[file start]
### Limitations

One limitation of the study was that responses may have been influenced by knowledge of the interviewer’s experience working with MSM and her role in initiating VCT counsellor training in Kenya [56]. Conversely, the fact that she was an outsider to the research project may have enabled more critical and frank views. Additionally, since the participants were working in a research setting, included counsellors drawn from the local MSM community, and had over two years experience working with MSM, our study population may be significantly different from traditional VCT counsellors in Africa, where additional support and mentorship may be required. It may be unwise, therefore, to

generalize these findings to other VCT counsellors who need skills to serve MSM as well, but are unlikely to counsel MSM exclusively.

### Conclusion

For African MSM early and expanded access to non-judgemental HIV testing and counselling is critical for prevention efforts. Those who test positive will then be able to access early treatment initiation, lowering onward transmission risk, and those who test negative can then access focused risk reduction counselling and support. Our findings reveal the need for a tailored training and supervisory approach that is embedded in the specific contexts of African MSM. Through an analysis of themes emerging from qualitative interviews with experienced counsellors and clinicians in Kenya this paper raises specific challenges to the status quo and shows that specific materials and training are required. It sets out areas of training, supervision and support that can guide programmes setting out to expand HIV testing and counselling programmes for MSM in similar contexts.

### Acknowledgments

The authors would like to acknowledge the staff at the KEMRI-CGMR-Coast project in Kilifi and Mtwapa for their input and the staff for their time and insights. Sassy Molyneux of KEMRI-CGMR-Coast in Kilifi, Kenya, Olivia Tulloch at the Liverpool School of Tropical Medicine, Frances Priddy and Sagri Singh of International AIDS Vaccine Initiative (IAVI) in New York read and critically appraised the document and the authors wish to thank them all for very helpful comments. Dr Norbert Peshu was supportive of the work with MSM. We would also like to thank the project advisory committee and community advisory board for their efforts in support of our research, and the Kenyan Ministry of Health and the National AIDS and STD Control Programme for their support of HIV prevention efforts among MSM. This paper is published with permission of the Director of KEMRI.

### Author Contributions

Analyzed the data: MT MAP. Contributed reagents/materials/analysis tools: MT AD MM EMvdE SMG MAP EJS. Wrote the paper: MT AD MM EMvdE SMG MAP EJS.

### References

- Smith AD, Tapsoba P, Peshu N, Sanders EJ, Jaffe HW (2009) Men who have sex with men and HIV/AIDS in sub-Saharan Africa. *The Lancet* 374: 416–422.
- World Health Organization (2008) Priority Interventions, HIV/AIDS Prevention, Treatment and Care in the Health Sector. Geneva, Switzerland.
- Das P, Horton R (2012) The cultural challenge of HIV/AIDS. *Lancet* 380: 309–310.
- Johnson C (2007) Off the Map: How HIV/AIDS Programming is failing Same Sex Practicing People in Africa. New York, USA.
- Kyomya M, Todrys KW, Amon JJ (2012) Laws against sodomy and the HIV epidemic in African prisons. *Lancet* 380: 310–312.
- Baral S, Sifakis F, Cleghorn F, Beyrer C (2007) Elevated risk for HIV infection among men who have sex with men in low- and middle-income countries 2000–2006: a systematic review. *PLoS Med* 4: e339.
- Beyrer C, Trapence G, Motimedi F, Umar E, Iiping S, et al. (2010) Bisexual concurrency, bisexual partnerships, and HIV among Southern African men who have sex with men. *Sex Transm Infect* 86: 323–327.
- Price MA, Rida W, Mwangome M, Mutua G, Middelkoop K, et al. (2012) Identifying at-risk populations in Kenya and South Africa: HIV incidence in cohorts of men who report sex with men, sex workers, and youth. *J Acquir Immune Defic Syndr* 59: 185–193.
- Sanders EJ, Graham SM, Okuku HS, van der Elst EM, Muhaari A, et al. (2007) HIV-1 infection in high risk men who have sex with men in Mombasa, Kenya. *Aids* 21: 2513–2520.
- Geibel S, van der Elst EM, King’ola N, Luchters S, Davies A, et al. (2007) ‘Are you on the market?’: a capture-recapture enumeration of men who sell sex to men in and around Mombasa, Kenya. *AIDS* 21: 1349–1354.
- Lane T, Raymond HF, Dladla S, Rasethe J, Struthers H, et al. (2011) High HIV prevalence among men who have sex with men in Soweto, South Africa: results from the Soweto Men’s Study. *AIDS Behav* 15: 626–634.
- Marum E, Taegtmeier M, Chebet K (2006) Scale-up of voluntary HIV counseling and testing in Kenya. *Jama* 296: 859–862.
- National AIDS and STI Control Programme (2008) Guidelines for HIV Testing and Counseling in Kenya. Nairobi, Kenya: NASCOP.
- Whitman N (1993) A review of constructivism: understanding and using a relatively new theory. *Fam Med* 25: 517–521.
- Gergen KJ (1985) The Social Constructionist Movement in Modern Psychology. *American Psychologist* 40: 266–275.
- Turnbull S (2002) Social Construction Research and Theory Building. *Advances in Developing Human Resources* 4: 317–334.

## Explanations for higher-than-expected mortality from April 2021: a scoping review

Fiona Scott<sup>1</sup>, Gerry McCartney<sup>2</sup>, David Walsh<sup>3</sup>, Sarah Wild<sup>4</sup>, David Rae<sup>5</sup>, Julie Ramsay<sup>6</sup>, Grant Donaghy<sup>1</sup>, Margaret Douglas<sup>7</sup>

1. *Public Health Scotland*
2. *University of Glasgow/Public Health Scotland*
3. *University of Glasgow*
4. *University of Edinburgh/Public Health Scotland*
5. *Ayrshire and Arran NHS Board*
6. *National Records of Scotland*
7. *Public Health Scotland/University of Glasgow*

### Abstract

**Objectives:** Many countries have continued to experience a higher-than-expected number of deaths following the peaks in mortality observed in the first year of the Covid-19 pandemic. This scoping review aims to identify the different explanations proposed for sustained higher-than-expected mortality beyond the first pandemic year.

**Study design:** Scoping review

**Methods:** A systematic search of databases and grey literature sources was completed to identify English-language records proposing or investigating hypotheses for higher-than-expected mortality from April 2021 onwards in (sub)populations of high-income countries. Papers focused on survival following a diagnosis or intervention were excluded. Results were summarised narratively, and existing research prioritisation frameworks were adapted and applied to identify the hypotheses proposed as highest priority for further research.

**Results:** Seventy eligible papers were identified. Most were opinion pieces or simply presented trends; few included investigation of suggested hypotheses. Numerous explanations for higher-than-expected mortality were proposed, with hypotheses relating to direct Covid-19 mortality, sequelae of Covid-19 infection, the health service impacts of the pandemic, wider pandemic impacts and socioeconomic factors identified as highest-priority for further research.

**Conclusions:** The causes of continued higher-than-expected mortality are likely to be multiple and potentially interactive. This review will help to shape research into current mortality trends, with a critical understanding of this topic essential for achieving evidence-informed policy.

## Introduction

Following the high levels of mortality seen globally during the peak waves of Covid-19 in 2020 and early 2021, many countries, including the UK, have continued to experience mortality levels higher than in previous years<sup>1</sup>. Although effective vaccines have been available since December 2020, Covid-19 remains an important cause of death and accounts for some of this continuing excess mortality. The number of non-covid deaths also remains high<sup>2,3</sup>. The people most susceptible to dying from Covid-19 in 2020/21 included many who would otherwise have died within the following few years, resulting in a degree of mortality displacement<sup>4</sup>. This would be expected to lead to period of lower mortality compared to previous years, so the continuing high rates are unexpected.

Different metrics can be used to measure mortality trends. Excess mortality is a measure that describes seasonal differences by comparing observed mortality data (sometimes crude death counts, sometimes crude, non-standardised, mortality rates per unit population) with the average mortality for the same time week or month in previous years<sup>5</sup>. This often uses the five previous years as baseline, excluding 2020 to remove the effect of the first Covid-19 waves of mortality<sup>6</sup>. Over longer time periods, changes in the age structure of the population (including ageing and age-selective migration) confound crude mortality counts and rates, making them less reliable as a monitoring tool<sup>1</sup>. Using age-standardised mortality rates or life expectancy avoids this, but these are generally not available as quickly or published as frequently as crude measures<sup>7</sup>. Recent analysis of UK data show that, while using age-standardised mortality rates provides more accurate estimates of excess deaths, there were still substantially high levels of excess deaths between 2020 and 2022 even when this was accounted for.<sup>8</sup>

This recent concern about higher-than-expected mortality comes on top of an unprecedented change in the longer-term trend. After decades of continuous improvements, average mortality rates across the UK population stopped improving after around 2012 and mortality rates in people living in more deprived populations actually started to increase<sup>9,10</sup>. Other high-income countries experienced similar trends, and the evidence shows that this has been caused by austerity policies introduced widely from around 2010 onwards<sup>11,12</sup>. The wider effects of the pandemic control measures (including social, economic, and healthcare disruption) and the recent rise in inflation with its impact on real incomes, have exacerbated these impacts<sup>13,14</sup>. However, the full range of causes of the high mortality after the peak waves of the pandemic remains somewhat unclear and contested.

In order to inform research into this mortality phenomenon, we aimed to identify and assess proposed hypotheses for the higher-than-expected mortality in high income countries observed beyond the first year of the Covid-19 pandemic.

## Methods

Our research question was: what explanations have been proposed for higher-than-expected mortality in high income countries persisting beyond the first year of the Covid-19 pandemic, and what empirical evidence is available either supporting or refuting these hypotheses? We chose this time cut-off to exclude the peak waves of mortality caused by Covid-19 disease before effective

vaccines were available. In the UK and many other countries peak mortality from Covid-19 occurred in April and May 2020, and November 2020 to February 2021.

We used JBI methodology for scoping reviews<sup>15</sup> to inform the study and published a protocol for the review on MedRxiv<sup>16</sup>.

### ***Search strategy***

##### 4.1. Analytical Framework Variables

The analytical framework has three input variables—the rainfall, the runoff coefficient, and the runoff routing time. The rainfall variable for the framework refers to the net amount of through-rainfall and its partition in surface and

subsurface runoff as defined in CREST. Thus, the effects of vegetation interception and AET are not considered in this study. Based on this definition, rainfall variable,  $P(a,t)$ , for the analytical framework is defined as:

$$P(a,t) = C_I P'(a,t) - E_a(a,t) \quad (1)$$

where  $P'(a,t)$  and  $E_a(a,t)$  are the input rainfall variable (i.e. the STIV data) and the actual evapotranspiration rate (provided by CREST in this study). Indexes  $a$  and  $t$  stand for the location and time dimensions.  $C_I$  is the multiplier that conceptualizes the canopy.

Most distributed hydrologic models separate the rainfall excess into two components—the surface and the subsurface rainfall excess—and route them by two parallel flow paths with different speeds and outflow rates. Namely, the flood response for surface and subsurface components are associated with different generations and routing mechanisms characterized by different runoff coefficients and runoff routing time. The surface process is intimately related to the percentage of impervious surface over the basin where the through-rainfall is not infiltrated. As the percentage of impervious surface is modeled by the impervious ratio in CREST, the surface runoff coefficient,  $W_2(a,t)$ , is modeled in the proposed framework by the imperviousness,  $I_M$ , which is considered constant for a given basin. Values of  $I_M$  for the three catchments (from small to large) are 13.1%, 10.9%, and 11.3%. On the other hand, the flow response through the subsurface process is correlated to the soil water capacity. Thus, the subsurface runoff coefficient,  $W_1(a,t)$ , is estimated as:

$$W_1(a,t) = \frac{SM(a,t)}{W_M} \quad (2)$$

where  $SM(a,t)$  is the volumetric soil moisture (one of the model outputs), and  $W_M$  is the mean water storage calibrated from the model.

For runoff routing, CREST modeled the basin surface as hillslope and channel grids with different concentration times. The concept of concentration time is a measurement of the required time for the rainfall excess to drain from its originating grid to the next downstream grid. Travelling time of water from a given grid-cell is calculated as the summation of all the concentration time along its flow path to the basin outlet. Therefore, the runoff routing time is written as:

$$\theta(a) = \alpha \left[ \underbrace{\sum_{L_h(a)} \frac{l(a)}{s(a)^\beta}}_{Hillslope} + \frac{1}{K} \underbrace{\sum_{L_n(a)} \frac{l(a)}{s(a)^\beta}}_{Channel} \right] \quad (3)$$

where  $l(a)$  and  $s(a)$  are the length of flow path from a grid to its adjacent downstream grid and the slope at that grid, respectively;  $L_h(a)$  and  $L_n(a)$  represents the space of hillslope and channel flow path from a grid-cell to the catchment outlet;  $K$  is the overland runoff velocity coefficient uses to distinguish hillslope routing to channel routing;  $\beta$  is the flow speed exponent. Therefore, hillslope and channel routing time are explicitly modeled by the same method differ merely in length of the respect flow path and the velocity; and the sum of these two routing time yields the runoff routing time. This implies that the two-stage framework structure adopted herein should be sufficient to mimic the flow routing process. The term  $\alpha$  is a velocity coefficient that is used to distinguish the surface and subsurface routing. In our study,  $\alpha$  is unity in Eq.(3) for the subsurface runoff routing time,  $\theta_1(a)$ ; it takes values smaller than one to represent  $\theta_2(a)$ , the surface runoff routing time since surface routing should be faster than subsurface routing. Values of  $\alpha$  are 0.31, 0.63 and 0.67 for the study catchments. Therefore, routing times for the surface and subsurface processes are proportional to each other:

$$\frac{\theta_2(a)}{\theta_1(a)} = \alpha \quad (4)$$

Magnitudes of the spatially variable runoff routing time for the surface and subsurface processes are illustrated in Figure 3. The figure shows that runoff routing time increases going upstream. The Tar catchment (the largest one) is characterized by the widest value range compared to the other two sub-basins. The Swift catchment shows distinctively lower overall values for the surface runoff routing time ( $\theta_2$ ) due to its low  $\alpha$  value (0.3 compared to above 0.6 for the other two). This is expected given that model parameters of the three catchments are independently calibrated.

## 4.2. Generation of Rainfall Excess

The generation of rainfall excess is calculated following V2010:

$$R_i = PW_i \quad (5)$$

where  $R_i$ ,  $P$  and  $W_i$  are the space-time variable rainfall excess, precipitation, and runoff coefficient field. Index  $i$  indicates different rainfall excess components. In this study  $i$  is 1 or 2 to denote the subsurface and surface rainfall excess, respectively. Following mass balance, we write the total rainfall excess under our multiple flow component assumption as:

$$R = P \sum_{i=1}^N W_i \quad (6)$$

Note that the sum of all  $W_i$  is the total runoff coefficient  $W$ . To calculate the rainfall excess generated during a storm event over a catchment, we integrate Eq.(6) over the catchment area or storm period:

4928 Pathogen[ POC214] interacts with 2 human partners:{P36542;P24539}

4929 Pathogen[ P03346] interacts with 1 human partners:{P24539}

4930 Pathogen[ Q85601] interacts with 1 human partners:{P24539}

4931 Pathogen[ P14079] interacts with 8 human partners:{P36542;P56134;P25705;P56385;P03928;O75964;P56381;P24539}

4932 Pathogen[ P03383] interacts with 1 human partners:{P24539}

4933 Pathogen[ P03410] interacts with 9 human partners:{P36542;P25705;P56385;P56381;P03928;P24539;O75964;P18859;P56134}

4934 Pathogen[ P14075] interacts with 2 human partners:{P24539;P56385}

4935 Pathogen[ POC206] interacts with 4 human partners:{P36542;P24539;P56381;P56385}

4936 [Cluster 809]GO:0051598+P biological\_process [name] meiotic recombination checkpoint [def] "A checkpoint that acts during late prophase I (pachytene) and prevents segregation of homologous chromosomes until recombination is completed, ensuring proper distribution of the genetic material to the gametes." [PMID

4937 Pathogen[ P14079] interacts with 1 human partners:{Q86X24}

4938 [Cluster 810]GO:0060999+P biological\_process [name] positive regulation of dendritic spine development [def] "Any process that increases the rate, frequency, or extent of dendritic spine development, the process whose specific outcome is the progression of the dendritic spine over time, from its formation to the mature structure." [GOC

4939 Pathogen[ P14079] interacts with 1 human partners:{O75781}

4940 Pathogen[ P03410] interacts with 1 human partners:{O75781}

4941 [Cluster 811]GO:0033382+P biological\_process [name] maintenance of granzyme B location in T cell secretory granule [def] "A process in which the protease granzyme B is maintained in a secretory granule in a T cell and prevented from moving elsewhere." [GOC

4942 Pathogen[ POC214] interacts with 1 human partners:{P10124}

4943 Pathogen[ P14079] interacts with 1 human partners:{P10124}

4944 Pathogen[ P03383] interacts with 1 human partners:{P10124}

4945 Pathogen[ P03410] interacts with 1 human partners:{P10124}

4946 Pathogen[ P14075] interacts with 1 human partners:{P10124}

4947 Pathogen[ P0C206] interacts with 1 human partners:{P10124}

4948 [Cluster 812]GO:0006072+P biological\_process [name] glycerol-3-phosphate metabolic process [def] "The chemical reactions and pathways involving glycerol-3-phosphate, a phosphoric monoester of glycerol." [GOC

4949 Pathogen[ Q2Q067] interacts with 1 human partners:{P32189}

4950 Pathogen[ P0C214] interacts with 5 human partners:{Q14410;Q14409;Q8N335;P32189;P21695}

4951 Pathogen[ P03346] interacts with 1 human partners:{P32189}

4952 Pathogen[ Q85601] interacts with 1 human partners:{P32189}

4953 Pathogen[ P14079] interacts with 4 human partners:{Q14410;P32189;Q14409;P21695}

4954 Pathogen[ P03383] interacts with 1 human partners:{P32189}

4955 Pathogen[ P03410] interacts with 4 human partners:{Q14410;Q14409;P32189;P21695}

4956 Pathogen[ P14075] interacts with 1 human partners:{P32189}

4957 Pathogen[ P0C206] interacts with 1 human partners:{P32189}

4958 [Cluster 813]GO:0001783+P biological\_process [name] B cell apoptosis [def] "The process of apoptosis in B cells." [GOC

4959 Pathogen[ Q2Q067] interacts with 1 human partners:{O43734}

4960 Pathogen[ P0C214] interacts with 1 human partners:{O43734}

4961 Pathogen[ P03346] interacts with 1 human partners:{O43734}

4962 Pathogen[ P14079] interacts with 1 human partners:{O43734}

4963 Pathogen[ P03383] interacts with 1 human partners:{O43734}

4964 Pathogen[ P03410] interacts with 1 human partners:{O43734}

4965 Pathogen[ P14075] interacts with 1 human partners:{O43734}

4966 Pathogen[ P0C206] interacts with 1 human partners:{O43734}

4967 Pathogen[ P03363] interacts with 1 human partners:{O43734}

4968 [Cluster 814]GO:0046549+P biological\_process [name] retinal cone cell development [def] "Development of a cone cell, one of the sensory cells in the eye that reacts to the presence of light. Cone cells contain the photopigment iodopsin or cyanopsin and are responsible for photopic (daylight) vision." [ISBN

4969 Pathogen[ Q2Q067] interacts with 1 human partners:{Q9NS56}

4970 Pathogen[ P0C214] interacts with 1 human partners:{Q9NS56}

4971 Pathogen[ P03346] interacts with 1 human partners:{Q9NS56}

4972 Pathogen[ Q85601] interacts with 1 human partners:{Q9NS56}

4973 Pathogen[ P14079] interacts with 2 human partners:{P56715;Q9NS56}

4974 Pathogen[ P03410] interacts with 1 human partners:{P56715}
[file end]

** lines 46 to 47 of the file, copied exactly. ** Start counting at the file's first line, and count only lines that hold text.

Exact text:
In order to inform research into this mortality phenomenon, we aimed to identify and assess proposed hypotheses for the higher-than-expected mortality in high income countries observed beyond the first year of the Covid-19 pandemic.

## Methods